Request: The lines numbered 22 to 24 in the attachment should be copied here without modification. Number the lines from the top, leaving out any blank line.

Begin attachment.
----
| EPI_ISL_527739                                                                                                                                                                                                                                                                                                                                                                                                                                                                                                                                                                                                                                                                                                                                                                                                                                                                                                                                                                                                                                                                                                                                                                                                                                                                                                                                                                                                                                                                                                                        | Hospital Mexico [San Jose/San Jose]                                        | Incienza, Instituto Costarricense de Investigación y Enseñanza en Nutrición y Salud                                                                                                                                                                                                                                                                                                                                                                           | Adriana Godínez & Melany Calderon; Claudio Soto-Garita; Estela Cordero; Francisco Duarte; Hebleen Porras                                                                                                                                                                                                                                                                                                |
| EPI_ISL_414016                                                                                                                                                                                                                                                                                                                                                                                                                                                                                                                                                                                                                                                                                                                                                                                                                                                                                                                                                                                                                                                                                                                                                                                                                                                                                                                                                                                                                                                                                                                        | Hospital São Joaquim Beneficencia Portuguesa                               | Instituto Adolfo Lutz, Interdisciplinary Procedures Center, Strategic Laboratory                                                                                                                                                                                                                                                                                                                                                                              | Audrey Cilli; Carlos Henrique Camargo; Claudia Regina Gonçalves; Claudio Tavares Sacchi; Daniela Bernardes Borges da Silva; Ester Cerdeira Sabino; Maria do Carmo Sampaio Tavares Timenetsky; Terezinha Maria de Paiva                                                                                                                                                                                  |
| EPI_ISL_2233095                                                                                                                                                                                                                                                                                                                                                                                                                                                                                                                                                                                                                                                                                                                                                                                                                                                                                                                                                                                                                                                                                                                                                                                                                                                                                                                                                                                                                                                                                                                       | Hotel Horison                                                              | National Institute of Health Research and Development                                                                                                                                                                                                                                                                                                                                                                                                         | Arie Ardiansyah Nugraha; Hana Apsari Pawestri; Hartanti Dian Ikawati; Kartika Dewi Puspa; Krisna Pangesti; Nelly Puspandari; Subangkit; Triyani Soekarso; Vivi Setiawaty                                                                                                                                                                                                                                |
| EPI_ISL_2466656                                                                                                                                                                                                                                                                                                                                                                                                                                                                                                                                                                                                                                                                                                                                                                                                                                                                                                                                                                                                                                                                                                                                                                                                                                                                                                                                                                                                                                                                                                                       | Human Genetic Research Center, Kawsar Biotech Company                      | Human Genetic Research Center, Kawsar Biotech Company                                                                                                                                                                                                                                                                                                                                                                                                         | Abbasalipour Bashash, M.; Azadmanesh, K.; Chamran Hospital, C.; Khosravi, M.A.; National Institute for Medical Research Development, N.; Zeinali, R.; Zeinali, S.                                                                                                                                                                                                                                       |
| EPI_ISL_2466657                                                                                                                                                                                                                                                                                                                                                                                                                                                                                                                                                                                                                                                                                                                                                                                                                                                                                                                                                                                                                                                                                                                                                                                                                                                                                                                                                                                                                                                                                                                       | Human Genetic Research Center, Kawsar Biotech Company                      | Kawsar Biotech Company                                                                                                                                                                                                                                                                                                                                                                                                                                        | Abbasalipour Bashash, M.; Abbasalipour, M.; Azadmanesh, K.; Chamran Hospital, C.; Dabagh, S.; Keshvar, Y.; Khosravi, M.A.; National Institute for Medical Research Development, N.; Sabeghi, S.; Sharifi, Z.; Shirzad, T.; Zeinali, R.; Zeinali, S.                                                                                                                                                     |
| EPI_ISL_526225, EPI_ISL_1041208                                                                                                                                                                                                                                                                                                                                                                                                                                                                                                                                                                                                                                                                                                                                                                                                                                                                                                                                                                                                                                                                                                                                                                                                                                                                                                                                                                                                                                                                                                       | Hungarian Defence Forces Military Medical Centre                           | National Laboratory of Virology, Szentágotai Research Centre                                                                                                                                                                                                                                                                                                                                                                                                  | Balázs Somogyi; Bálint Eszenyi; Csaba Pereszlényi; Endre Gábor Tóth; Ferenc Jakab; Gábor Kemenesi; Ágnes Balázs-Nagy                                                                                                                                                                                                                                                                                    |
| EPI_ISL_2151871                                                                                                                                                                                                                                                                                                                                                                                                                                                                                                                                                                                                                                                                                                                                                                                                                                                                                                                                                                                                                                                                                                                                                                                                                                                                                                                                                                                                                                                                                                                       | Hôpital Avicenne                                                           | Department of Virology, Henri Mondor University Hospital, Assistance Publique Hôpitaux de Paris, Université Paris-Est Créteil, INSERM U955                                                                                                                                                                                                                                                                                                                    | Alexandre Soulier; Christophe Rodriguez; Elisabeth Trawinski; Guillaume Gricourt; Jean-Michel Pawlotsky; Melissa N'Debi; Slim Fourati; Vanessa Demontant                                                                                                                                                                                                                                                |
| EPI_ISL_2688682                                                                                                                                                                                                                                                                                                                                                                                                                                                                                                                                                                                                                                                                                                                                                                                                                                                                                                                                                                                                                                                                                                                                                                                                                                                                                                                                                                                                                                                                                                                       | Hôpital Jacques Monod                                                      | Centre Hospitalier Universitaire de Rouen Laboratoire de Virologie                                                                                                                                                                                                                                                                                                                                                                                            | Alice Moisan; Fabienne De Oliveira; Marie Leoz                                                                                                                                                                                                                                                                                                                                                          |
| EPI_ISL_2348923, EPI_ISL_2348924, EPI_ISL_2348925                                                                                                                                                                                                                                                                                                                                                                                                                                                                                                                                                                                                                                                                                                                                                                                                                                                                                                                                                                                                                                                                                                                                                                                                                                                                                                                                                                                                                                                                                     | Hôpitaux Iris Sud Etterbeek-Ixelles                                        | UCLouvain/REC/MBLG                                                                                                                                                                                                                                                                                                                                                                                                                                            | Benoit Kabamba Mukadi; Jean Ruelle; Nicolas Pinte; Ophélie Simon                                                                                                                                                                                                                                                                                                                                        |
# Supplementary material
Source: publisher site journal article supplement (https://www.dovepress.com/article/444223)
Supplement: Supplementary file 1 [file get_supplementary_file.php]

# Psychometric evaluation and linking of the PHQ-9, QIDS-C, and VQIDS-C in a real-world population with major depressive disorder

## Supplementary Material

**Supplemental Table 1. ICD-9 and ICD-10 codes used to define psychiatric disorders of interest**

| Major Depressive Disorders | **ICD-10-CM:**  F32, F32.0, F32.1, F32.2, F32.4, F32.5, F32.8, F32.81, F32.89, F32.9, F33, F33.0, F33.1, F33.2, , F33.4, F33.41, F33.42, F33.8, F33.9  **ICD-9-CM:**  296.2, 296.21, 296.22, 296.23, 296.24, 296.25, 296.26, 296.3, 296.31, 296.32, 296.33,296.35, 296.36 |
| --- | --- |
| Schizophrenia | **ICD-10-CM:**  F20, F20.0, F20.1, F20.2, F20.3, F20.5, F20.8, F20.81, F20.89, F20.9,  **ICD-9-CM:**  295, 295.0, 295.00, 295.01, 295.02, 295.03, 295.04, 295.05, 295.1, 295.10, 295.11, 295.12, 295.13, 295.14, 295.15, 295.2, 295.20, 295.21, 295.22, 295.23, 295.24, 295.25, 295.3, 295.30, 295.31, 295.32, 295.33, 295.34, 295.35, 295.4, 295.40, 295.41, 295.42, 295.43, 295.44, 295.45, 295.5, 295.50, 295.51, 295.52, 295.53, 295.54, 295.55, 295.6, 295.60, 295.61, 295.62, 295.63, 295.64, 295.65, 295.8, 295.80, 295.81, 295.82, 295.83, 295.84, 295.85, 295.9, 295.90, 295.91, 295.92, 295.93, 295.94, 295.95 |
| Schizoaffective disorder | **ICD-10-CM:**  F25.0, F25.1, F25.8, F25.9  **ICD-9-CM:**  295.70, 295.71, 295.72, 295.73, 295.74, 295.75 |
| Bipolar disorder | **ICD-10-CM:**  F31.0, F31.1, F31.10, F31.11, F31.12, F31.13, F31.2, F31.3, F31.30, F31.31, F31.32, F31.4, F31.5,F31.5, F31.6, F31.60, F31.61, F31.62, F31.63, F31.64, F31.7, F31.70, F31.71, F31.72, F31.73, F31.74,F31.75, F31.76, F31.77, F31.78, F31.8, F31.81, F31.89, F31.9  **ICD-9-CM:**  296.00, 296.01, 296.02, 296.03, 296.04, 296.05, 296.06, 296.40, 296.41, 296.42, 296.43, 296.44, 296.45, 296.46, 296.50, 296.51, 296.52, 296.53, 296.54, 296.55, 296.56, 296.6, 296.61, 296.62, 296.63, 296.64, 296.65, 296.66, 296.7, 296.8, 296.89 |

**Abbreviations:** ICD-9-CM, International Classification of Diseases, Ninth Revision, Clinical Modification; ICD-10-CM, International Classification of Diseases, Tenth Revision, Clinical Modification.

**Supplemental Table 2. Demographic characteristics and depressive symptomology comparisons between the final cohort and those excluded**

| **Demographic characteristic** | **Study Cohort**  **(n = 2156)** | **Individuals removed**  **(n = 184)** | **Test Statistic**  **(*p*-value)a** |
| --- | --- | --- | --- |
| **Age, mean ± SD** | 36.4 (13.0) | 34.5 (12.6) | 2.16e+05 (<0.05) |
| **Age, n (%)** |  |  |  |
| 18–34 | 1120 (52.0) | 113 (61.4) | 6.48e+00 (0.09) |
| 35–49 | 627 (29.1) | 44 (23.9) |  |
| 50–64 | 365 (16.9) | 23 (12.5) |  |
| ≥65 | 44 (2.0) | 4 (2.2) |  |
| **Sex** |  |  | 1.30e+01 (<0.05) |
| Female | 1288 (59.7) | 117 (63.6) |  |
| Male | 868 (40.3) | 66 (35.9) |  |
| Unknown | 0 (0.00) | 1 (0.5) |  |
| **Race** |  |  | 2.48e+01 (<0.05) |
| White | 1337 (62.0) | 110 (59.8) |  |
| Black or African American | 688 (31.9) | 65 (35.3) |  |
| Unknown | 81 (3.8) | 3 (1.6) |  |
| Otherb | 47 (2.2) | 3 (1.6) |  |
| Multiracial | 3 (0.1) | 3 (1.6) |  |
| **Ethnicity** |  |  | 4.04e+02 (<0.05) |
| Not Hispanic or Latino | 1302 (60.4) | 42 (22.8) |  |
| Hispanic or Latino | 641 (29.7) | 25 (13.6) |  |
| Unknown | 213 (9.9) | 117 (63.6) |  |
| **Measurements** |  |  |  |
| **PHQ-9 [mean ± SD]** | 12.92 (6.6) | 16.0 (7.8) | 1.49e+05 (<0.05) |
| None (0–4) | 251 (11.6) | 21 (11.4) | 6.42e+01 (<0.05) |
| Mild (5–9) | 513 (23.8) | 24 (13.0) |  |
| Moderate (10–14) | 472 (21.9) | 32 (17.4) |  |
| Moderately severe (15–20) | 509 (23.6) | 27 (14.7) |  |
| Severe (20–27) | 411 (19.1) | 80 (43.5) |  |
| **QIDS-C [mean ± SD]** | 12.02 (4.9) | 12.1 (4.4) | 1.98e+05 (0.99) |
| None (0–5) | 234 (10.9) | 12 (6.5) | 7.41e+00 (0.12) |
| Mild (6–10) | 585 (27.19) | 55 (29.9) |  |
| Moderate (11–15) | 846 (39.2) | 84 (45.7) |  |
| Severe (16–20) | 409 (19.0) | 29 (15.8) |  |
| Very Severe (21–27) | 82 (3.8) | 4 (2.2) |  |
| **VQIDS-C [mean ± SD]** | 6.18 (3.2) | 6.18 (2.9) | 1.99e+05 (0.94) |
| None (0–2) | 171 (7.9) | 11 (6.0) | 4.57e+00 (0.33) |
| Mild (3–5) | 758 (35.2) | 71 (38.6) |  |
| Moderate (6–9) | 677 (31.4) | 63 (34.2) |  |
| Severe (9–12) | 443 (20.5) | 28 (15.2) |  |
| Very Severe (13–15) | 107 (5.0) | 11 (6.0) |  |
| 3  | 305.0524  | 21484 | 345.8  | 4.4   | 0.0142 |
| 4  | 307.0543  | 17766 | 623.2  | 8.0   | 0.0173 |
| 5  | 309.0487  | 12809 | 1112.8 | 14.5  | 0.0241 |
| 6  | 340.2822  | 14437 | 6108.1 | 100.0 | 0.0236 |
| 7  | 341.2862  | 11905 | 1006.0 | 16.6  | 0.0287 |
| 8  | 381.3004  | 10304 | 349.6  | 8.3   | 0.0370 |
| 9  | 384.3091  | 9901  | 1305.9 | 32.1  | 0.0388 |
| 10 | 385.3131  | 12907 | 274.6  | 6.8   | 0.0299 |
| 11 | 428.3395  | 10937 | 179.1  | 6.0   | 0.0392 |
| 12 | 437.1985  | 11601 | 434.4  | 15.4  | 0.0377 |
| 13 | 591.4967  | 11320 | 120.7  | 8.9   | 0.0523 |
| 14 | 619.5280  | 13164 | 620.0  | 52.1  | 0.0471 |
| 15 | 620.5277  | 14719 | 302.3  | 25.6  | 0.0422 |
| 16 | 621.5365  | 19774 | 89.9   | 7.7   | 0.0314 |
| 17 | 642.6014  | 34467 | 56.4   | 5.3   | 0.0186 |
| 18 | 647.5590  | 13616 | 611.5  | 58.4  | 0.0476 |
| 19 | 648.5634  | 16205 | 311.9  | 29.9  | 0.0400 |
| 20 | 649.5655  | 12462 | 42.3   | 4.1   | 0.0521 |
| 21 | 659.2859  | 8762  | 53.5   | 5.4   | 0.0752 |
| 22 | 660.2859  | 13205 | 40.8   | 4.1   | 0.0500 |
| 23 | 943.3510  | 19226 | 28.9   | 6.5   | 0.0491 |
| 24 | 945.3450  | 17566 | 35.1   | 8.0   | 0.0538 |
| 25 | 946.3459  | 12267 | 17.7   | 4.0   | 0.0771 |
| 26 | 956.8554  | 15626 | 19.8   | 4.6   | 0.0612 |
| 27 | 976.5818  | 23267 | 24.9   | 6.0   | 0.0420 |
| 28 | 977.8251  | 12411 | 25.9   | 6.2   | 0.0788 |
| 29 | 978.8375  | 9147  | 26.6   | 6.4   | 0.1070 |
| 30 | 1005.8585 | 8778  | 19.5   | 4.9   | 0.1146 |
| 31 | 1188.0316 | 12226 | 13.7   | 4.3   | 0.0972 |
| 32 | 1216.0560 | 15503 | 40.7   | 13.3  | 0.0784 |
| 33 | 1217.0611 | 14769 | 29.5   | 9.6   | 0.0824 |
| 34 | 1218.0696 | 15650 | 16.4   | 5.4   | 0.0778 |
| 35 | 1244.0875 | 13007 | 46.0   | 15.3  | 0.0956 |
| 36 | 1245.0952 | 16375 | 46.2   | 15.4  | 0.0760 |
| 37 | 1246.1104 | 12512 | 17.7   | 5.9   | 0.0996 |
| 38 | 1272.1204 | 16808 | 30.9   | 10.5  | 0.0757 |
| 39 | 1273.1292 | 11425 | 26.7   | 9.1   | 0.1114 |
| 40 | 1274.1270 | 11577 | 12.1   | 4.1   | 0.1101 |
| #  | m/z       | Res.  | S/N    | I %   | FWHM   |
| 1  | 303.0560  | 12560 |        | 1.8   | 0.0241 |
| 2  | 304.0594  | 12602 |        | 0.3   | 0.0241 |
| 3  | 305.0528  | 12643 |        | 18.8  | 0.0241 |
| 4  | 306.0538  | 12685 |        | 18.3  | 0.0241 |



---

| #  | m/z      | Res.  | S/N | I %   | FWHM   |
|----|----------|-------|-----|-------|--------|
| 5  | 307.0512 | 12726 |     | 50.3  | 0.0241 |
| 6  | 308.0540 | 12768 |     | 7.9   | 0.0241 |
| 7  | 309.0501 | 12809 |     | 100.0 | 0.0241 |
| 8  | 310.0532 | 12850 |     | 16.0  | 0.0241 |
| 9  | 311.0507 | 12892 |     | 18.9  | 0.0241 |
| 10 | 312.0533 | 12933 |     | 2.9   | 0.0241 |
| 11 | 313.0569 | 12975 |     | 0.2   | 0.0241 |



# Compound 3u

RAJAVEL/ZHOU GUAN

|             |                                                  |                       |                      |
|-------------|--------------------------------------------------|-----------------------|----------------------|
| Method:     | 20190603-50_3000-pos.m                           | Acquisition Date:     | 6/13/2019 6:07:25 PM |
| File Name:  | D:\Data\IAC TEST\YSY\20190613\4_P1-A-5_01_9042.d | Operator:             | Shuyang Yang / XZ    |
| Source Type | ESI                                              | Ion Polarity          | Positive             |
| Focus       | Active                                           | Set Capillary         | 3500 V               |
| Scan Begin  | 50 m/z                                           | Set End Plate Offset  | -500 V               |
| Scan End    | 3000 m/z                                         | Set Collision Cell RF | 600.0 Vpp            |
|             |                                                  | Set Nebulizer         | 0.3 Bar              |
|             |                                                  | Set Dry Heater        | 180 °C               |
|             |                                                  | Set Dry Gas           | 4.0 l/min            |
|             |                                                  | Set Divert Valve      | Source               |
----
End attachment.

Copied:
**Supplemental Table 2. Demographic characteristics and depressive symptomology comparisons between the final cohort and those excluded**

| **Demographic characteristic** | **Study Cohort**  **(n = 2156)** | **Individuals removed**  **(n = 184)** | **Test Statistic**  **(*p*-value)a** |
| --- | --- | --- | --- |